Here at Smith Patrick we have migrated our financial planning process to MoneyGuidePro. A major reason is the ability to be more interactive with clients in the planning process. This interactive and iterative process is very beneficial in our opinion. Which brings me to this blog post. One of the first changes to our past method is switching from a cash-flow method to planning using a goal-based method. The reality is that when discussing financial planning based on cash flow analysis or by setting goals, it is more about selecting an appropriate method to achieve a plan. Each method should ultimately arrive at similar conclusions.
The cash flow method is more intensive and requires more initial work from households to put forth all the needed information to design a plan. Plus we are still making estimates given both the quality of inputs (i.e. potential for savings) as well as the more-than-likely change in future circumstances that alter those inputs. Lastly, cash flow analysis requires estimating all material time horizons such as retirement dates, timing of college expense, or purchasing a new business – which are often goals.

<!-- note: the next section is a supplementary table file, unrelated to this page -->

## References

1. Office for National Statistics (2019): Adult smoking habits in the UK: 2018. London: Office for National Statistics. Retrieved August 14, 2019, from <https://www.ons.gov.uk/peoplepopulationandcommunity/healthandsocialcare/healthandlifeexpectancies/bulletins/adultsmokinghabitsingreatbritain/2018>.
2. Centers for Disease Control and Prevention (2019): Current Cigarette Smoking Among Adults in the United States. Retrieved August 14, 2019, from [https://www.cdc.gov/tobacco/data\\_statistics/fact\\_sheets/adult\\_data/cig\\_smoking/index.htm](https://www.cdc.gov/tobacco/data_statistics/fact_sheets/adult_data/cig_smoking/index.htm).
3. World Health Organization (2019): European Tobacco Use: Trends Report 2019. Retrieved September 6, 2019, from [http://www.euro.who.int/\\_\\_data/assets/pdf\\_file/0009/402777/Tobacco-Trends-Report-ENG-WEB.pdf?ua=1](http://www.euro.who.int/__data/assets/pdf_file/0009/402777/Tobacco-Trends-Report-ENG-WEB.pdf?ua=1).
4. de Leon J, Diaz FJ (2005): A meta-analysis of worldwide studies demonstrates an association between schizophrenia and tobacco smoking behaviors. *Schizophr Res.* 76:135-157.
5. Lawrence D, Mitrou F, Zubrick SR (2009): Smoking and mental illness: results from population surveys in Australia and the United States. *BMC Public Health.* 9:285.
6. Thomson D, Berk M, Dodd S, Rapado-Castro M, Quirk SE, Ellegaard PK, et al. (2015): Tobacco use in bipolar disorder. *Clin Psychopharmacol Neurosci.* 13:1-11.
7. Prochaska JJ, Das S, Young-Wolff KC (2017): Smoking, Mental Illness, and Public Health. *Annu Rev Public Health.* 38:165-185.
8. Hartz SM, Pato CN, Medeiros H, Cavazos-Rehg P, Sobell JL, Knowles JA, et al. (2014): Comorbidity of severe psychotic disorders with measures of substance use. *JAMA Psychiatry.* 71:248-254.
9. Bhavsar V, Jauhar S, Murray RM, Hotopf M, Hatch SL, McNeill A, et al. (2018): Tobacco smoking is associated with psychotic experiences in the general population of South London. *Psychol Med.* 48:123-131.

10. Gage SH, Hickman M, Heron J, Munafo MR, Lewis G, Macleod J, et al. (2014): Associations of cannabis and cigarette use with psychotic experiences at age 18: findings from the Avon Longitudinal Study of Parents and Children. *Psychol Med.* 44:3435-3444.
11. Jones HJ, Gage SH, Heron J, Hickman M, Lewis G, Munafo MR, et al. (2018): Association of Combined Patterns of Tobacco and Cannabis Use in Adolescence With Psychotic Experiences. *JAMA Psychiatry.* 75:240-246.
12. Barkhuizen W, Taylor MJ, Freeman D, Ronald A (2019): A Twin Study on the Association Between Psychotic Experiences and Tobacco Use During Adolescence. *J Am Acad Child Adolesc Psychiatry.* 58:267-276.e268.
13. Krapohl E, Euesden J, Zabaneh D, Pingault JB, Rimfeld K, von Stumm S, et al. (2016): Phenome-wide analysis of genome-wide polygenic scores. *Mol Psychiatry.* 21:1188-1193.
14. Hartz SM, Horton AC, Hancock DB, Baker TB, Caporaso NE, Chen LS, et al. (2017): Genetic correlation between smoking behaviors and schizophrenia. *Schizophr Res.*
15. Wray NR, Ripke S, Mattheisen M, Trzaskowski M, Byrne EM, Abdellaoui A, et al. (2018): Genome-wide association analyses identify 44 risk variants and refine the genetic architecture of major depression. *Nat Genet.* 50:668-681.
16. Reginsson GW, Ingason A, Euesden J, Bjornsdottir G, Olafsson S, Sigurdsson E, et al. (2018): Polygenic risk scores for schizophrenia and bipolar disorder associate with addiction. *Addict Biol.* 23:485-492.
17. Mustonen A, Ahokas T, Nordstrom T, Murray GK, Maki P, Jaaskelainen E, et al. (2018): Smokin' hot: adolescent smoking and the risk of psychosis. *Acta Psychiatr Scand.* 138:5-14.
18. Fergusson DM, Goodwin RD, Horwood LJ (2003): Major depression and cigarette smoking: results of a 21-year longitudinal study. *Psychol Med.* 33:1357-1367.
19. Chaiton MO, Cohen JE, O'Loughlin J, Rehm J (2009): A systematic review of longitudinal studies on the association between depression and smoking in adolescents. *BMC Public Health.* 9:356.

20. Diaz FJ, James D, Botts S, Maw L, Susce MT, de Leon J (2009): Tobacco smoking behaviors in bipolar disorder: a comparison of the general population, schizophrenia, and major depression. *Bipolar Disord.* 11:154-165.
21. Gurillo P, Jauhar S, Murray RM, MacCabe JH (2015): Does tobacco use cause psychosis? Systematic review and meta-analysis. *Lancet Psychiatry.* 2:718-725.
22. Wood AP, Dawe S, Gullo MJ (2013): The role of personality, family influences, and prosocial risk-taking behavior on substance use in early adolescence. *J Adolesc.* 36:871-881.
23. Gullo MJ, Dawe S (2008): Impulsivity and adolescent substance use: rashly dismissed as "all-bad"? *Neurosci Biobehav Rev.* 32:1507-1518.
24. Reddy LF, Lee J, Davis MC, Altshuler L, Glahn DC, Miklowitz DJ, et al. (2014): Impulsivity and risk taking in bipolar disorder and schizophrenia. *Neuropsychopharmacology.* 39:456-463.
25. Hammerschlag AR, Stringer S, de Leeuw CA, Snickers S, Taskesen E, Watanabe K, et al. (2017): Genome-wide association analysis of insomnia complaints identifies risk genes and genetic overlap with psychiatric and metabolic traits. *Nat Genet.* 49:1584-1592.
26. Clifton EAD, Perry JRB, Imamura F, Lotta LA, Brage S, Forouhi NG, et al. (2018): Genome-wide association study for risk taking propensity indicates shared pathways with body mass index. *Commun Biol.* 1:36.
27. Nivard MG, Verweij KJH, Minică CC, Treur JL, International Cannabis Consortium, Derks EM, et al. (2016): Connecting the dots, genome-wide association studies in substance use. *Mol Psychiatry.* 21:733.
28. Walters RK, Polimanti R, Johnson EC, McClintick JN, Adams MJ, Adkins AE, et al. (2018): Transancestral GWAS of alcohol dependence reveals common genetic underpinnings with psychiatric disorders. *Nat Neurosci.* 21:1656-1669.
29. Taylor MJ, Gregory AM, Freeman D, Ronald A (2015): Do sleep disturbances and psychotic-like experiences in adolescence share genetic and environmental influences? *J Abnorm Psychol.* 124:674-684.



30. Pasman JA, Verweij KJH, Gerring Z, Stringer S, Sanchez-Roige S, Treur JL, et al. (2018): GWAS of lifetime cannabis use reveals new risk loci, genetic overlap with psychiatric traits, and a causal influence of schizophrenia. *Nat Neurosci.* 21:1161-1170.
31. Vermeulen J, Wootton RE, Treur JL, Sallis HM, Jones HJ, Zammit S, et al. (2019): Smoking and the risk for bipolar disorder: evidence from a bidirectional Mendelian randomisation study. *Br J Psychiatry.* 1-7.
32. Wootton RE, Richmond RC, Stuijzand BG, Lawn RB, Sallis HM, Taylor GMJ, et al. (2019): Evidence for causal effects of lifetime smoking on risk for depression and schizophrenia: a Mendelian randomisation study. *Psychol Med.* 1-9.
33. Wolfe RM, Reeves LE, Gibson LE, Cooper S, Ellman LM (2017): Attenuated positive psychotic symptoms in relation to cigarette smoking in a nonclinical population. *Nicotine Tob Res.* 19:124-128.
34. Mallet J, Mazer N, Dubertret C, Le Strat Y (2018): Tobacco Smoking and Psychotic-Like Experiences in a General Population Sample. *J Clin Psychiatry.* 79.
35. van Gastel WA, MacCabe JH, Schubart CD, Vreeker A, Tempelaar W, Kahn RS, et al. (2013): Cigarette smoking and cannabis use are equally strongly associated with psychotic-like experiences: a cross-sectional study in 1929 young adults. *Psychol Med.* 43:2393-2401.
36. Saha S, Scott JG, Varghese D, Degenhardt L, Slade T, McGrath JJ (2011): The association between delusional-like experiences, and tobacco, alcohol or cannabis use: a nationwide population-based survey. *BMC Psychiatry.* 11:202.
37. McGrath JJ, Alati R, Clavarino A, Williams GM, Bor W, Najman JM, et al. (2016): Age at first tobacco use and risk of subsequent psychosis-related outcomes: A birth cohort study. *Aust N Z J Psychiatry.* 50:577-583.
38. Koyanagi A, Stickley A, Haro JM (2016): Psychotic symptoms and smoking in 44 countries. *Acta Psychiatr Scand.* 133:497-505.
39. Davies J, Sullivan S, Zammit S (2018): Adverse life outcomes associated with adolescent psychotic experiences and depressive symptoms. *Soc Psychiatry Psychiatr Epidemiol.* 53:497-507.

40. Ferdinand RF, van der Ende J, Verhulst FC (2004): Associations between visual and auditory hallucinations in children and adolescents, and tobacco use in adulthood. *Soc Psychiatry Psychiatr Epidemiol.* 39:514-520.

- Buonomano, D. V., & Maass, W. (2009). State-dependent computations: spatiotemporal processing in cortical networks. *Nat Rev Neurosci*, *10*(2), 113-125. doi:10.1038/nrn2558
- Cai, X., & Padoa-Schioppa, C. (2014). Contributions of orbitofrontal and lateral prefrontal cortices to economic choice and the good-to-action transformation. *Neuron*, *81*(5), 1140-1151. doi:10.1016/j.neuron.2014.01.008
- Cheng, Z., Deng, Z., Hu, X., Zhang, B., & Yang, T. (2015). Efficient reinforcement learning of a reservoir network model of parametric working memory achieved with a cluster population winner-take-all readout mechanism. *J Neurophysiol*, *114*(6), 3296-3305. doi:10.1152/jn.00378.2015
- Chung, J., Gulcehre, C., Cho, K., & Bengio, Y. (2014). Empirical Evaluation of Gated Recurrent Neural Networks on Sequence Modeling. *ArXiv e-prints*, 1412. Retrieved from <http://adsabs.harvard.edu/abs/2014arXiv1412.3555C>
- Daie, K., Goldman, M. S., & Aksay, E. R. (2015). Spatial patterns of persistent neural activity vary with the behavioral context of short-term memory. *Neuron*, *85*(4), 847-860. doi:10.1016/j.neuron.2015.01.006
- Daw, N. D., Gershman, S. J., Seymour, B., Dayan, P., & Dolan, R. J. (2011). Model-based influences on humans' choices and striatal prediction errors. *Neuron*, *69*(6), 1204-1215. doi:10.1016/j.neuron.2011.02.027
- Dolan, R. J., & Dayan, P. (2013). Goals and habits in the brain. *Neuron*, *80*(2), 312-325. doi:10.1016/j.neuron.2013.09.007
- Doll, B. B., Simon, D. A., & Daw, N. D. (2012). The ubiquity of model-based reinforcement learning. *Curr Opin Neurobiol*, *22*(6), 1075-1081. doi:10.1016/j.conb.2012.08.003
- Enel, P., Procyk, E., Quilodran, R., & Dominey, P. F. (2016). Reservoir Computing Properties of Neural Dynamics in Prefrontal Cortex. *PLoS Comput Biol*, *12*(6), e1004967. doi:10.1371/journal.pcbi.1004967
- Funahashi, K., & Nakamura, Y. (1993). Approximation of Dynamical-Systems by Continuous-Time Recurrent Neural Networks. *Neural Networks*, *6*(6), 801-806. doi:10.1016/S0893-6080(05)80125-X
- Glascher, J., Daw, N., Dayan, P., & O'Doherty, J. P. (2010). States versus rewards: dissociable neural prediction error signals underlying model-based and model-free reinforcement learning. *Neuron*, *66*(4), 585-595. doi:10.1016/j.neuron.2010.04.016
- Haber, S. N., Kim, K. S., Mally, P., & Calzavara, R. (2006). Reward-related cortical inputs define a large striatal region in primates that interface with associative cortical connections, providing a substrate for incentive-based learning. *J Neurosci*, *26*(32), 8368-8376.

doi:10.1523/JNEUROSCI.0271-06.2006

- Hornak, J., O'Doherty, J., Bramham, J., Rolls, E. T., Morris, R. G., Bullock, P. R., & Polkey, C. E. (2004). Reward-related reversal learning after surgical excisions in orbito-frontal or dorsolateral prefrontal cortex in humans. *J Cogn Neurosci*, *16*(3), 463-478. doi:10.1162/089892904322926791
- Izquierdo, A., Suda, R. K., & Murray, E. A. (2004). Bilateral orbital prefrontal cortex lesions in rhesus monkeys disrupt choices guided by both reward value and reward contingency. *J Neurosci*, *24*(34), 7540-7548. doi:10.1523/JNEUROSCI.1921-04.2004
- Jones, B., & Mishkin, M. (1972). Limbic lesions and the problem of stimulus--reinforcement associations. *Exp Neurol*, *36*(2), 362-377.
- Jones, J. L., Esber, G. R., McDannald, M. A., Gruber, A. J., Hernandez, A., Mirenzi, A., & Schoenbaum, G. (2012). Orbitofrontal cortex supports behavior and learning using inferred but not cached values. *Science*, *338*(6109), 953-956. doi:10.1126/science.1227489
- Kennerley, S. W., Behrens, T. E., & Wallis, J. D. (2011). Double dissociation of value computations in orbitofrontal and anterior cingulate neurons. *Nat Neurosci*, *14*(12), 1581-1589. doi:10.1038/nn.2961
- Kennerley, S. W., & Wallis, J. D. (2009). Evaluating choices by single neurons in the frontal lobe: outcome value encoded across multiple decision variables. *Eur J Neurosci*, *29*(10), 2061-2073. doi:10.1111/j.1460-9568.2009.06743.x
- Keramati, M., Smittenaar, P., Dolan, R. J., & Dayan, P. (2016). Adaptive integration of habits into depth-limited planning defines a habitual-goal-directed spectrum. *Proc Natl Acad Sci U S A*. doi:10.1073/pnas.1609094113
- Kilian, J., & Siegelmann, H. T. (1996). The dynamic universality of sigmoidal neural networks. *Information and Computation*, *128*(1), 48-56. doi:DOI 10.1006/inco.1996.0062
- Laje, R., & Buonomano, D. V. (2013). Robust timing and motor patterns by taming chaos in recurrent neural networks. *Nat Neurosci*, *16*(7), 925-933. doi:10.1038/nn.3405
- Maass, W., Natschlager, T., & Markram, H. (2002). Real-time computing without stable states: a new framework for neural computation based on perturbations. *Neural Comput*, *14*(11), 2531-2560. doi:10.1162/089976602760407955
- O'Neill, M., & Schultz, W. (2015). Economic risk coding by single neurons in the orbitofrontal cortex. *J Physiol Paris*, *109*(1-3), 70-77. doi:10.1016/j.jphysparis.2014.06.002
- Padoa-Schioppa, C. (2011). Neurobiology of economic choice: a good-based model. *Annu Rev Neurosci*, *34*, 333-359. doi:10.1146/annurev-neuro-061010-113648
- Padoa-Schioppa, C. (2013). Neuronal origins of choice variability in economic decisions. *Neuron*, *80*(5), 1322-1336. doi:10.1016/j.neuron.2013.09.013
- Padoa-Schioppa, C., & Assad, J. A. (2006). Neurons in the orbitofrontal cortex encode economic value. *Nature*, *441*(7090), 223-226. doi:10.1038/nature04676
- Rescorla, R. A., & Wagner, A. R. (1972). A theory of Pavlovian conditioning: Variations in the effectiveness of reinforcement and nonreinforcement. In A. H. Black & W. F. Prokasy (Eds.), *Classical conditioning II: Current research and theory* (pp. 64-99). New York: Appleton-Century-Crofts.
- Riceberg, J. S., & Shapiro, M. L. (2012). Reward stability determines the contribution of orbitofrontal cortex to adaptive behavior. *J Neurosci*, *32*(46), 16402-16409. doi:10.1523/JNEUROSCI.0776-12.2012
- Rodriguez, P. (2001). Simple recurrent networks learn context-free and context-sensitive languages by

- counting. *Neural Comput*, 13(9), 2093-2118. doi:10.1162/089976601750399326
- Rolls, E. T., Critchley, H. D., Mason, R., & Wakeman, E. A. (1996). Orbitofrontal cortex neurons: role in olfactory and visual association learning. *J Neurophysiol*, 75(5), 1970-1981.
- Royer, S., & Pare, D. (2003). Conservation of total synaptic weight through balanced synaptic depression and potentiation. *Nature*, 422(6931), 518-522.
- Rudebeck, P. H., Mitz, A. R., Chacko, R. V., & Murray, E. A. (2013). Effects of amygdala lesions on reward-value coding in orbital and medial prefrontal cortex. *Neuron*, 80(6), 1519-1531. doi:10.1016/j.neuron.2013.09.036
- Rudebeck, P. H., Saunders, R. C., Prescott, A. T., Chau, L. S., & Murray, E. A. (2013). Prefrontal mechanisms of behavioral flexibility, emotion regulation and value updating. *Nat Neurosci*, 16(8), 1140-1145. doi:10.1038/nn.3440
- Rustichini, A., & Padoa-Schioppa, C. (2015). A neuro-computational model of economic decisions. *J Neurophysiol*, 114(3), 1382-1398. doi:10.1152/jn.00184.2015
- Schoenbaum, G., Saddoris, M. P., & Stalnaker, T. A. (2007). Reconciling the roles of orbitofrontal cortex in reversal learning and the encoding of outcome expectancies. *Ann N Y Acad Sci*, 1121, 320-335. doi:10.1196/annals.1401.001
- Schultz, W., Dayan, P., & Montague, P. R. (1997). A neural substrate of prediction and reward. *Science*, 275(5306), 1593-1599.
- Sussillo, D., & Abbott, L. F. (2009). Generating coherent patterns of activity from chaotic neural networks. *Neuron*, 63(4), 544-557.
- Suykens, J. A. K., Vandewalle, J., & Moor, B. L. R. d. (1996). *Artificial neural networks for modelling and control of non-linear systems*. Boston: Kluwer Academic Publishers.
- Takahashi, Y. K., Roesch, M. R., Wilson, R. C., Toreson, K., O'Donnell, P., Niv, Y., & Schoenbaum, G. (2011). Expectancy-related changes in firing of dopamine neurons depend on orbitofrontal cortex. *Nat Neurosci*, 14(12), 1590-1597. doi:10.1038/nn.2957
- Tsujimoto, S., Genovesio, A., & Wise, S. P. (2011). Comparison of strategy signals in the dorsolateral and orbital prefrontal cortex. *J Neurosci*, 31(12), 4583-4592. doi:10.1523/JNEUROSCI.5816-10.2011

A goals-based method is less intensive because it requires less initial data gathering (i.e. no budget work). For instance, savings is initially based on retirement savings without consideration of any after-tax savings. Rather households need to identify retirement goals, in order of needs, wants, and desires. In other words, setting goals isn’t necessarily grounded on what is realistic based on current and future savings.
While each method has its pros and cons, at the end of the day, it is always about cash flows. The issue is how can we most effectively design a plan. Our experience is that there is a wide range of preparedness that each household brings to the table when working on developing a plan. In our opinion the solution therefore depends on the household.
What we like about our current process is that it is designed as a goal-based, which eliminates near-term budget estimations and savings. This is a great starting point. From there it can easily accommodate a more granular or itemized cash flow based plan when required. Adjustments can be made as explicit inputs or can be part of the optimizing process to be able to achieve certain goals. For example a goals-based process might be optimized by increasing after-tax savings, which wasn’t initially considered.
To conclude, all financial plans are ultimately cash flow based and require estimates. The choice of process to get there either with a cash-flow or goals-based financial plan is really about how to approach the inputs for the plan. At the end of the day – both methods when done with care should end up with similar results.